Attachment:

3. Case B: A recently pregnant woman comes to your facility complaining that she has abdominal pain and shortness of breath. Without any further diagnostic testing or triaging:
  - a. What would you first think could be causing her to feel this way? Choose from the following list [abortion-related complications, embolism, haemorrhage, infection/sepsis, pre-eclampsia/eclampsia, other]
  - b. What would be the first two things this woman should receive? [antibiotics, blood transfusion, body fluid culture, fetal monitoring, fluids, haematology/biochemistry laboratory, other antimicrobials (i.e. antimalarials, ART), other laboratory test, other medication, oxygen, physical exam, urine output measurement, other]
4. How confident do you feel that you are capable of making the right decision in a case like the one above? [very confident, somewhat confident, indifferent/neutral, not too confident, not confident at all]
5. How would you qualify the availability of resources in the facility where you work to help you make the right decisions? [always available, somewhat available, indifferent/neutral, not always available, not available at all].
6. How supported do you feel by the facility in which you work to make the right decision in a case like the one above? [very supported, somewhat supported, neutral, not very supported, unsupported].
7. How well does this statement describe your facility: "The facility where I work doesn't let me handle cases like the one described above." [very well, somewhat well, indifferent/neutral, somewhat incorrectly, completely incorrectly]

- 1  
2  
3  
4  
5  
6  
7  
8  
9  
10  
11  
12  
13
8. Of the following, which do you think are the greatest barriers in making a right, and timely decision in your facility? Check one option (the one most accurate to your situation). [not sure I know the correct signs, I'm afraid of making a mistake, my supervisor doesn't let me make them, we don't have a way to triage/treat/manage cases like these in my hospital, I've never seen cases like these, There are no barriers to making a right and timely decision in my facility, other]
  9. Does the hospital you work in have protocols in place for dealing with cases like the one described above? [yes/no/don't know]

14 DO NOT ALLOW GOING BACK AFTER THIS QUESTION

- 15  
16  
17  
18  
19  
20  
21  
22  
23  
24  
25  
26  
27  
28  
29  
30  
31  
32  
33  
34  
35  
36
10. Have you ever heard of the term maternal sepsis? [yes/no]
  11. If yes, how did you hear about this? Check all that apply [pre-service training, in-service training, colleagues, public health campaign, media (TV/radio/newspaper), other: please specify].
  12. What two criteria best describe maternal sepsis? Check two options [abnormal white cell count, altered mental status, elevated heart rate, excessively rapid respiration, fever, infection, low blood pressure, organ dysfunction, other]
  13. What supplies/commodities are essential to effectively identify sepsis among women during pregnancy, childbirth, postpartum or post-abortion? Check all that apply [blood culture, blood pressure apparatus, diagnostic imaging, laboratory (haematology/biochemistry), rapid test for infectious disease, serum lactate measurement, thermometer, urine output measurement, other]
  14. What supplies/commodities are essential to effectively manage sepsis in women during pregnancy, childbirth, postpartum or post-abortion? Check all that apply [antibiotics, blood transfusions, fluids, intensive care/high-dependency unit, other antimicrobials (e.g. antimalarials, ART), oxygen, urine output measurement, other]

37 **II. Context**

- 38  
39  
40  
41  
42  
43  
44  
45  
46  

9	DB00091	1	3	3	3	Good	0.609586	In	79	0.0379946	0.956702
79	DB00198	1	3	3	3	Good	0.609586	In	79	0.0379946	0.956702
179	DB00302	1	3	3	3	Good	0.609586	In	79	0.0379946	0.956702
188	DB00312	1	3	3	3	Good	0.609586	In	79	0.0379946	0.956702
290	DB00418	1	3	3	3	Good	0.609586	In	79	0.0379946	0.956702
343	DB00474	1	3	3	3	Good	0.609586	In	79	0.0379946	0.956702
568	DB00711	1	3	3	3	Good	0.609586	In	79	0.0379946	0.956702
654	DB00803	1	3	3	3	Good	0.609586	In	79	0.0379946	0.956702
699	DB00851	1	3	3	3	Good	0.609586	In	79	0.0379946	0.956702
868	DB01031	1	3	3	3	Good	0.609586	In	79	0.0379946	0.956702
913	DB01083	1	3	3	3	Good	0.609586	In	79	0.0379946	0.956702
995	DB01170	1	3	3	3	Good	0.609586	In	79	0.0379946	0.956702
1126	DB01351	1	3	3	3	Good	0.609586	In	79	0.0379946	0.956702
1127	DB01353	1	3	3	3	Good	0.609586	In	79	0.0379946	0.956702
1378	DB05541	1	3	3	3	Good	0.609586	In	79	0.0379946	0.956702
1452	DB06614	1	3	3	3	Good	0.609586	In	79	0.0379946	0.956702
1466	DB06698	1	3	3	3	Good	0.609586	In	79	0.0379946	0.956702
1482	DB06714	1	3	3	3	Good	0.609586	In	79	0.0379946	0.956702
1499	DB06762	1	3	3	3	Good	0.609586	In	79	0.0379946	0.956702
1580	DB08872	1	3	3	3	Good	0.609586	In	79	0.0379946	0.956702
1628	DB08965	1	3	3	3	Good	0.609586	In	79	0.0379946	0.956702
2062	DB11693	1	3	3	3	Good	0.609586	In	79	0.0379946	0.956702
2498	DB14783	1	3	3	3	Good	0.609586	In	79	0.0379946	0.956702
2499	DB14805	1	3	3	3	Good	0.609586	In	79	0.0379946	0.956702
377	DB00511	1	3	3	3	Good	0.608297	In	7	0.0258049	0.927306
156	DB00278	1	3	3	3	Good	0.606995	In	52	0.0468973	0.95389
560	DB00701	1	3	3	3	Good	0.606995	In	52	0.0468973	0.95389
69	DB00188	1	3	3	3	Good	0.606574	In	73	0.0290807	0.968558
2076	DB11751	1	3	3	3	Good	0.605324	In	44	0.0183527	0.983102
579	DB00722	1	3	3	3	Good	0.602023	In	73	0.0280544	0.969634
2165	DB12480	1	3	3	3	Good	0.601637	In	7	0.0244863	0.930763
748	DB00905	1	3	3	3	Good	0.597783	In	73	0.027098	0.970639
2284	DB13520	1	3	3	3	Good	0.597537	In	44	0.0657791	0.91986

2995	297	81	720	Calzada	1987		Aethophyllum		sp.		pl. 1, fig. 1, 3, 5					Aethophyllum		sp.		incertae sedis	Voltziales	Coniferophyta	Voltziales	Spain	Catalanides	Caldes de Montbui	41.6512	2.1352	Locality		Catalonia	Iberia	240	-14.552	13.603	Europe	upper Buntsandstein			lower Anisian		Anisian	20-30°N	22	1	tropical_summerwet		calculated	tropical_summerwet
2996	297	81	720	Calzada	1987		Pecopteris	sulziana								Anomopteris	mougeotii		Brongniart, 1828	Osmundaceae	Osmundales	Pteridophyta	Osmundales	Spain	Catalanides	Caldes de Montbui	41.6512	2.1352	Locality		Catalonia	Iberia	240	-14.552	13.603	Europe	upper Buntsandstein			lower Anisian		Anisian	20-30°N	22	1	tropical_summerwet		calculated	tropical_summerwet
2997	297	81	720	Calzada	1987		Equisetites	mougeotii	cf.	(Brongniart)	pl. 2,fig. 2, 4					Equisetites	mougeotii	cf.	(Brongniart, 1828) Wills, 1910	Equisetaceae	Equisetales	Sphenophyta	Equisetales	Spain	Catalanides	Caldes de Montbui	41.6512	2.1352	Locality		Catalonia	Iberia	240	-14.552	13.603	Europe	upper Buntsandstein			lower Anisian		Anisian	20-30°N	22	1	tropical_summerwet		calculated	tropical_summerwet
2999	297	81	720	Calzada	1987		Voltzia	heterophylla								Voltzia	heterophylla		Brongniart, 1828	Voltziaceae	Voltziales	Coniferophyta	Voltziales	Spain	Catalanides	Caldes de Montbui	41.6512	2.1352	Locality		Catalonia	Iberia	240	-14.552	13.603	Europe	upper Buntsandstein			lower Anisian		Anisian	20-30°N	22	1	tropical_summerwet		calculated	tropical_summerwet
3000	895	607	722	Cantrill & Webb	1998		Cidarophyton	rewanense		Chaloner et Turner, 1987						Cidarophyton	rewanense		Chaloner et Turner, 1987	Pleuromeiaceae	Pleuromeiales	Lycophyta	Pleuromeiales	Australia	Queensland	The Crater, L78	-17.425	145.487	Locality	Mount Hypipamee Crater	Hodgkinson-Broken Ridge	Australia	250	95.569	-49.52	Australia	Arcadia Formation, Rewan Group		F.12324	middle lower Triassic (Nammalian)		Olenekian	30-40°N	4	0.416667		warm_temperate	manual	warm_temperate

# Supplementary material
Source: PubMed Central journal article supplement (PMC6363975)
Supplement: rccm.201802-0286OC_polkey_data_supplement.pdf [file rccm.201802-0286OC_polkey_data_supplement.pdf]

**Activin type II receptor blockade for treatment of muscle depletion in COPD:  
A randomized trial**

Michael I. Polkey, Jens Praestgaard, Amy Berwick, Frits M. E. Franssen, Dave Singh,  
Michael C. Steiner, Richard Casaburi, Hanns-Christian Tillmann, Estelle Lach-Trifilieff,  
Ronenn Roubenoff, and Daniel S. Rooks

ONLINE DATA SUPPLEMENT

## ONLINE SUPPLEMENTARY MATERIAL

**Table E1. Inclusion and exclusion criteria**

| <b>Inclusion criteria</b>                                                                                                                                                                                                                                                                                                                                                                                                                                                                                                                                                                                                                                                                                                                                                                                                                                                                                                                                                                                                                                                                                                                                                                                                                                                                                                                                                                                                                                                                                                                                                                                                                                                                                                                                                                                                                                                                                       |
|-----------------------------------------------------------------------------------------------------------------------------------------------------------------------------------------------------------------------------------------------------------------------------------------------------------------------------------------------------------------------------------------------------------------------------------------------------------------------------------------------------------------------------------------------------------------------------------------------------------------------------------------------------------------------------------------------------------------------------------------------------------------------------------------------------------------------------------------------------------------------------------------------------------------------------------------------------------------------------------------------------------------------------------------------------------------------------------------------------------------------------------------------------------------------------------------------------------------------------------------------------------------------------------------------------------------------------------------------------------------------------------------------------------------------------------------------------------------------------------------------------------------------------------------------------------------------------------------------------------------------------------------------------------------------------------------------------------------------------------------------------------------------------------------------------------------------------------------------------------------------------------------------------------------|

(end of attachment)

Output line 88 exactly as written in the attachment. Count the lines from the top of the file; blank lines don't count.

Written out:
69	DB00188	1	3	3	3	Good	0.606574	In	73	0.0290807	0.968558